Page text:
To paraphrase Oscar Wilde, to lose one band member may be regarded as a misfortune; to lose two looks like carelessness. When Tyondai Braxton left Battles in 2010, fans were worried. Although the quartet had started out as an instrumental unit, Braxton’s distinctive pitch-shifted vocals had become the focal point of their acclaimed debut album Mirrored, and with his departure, expectations for the follow up plummeted. They needn’t have worried, as with the help of a few guest vocalists (including none other than Gary Numan), the band’s second album Gloss Drop was more than a match for its predecessor. The trio returned to their fully instrumental roots on last outing La Di Da Di but, despite several highlights, the record overall seemed to lack some of the focus and precision of past work. Now with the surprising departure of guitarist/bassist/looper extraordinaire Dave Konopka as well, the band is reduced to a duo of just Ian Williams and drummer John Stanier, and it would be easier than ever to be sceptical of a new release.
It’s worth remembering though that when Williams found himself in a similar situation with his old band Don Caballero, they went on to produce a career highlight (2001’s American Don – though they did implode soon after). Juice B Crypts may not quite qualify as a career highlight, but the pair do sound somewhat revitalised. There are layers missing where Konopka used to be but Williams fills things in as much as possible, balancing keys and guitar with his usual aplomb, and the comparative minimalism of the arrangements actually sounds refreshingly streamlined.
‘Ambulance’ continues their unbeaten run of great openers. Williams begins by jamming out seemingly freeform loops before Stanier’s pounding beat comes crashing in to force them into shape, forming the sort of groove that was often missing across La Di Da Di in favour of disorientating chaos. ‘Fort Greene Park’ meanwhile is almost melancholic, Williams’ stuttering guitar bends sounding unusually wistful on one of the most pleasingly melodic tracks they’ve ever committed to tape.
Returning to Gloss Drop’s winning formula, the pair bring a few guest vocalists round to add some extra colour – but where on that LP it felt like the vocalists were invited simply to fill Braxton’s shoes on some already fully formed Battles instrumentals, this time round the vocalists often take centre stage as if the music was written around them, the duo happy to mould themselves into whatever sort of futuristic backing band their guests require. Backing up Xenia Rubinos on ‘They Played it Twice’, the pair sound like fully fledged R&B producers, while they conjure up a wholly convincing, beat filled hip hop backing track for Shabazz Palaces’ flowing rhymes on ‘Izm’, easily the best of the guest appearances on offer on an album that also manages to rope in members of Yes and Liquid Liquid.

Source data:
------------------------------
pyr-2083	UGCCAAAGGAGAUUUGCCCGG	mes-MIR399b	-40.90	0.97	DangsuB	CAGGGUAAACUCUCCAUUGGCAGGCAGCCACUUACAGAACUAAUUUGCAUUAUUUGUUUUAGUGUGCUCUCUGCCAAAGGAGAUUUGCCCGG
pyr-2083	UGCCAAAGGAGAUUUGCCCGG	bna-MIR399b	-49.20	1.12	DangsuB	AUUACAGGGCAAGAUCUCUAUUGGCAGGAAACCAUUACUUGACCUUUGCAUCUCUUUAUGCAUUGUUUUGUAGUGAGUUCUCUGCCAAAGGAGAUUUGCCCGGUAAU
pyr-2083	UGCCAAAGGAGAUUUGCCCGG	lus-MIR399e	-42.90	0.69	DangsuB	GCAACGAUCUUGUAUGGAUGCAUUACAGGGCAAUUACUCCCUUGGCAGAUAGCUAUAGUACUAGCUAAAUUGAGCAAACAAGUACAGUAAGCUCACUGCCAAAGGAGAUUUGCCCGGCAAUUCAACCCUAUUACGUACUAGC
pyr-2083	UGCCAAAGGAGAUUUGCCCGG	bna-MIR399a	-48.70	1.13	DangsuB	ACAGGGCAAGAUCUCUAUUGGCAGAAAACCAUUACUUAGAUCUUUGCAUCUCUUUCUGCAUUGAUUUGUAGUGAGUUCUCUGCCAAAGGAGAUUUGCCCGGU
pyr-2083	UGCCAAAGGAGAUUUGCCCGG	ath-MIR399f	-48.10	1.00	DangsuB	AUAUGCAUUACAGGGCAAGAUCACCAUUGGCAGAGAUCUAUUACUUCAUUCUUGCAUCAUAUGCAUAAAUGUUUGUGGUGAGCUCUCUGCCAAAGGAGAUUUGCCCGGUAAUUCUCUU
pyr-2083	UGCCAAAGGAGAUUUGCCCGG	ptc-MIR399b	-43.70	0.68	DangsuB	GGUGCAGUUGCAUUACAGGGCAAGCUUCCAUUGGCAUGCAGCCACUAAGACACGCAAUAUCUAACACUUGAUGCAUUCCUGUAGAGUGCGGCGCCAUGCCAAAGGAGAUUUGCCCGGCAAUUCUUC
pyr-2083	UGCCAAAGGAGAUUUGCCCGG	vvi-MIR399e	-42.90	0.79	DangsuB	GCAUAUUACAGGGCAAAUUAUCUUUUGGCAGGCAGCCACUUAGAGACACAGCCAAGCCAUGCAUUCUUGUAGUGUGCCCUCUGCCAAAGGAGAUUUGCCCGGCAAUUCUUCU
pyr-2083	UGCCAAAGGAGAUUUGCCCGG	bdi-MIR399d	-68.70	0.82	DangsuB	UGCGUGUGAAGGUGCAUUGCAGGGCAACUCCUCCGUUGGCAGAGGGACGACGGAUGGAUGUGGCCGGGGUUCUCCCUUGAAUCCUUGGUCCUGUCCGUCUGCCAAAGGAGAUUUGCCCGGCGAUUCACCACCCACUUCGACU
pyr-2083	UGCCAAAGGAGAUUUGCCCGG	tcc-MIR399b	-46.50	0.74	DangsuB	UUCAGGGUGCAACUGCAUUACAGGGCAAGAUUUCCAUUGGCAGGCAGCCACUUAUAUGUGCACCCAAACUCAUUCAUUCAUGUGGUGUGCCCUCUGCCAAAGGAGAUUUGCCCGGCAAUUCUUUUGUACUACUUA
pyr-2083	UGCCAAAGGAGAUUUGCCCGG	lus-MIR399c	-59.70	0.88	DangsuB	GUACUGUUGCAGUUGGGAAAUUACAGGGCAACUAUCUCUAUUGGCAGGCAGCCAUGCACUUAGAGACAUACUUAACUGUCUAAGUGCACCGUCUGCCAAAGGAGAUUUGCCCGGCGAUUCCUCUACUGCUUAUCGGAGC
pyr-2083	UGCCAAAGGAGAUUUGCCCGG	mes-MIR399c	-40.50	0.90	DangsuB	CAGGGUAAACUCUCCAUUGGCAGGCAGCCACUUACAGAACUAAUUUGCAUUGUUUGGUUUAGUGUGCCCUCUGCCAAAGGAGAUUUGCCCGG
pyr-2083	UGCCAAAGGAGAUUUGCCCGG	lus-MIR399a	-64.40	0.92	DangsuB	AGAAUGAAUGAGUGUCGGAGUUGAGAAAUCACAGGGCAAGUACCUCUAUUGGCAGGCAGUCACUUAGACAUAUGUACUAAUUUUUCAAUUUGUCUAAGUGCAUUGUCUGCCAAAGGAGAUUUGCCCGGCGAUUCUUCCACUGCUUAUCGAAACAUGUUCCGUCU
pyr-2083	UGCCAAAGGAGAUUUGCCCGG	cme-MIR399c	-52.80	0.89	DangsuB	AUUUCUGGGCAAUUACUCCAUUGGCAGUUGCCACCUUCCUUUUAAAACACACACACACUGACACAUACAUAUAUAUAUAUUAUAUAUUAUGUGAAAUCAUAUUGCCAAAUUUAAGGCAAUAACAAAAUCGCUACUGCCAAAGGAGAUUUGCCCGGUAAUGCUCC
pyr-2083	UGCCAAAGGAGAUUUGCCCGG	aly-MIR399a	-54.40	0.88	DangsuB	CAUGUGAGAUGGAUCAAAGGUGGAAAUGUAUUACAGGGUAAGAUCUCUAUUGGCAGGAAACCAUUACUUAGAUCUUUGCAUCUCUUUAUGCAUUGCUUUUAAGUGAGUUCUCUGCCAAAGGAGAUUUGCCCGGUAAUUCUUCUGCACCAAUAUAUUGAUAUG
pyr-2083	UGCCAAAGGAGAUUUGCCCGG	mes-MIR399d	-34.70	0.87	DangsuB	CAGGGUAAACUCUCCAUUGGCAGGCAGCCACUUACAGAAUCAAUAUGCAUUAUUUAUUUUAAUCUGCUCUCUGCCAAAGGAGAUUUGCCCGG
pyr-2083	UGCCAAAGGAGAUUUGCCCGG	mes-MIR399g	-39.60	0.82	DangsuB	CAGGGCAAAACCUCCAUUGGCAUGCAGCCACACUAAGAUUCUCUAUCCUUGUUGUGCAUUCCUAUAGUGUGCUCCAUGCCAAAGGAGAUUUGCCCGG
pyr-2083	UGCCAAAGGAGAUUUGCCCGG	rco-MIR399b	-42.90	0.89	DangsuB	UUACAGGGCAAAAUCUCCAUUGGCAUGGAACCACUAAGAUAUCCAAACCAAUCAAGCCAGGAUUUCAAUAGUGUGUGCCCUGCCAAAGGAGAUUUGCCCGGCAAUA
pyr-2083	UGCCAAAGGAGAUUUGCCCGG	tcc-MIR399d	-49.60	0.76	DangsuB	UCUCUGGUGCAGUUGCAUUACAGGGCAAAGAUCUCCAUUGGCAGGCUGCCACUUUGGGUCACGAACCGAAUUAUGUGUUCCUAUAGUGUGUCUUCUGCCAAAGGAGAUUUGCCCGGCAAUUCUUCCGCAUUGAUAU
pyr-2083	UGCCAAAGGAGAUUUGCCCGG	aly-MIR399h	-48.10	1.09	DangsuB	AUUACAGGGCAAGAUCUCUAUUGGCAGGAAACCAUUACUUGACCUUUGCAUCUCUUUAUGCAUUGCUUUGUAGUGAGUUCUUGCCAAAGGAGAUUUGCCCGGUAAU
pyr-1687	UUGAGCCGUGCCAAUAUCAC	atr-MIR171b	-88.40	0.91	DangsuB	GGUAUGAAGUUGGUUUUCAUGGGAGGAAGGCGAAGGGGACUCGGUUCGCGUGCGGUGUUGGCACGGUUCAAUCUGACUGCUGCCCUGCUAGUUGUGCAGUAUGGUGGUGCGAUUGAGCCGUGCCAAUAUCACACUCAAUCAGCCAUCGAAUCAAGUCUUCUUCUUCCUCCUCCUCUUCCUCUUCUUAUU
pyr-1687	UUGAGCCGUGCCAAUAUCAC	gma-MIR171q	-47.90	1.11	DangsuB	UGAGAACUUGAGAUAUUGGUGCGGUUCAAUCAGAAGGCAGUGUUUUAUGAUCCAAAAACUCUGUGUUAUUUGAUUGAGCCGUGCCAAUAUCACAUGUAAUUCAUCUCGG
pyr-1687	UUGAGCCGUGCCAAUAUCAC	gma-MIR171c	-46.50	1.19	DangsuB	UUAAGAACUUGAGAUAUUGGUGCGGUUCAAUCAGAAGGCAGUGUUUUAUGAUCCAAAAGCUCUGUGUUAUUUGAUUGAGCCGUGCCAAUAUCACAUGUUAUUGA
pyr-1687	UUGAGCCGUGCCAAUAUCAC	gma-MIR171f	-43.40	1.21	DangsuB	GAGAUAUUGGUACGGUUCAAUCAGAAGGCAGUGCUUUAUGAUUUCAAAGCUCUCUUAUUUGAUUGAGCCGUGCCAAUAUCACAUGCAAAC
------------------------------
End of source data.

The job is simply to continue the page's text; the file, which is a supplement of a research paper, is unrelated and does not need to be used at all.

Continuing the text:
Only towards the album’s end do the pair seem to start running out of steam, the title track relying on the headache-inducing chaos that they’ve often fallen back on in lieu of ideas, while the Tune-Yards-featuring two part closer ‘Last Supper on Shasta’ feels a little undercooked compared to some of the stronger offerings earlier on. Nevertheless, their overall batting average here remains impressive given the circumstances.
Like Braxton before him, Konopka’s immeasurable contribution to the Battles sound always felt indispensable. But with Williams and Stanier, the band’s nucleus and beating heart respectively, there’s still life left in the project. Joyce B Crypts sounds like a band with something to prove, perhaps a need to justify their continued existence. Whether their once legendary live shows can remain as engaging without that awe-inspiring interplay between the musicians on stage is another matter, but on record at least, the newly slimmed down Battles have still got it. Cathal McBride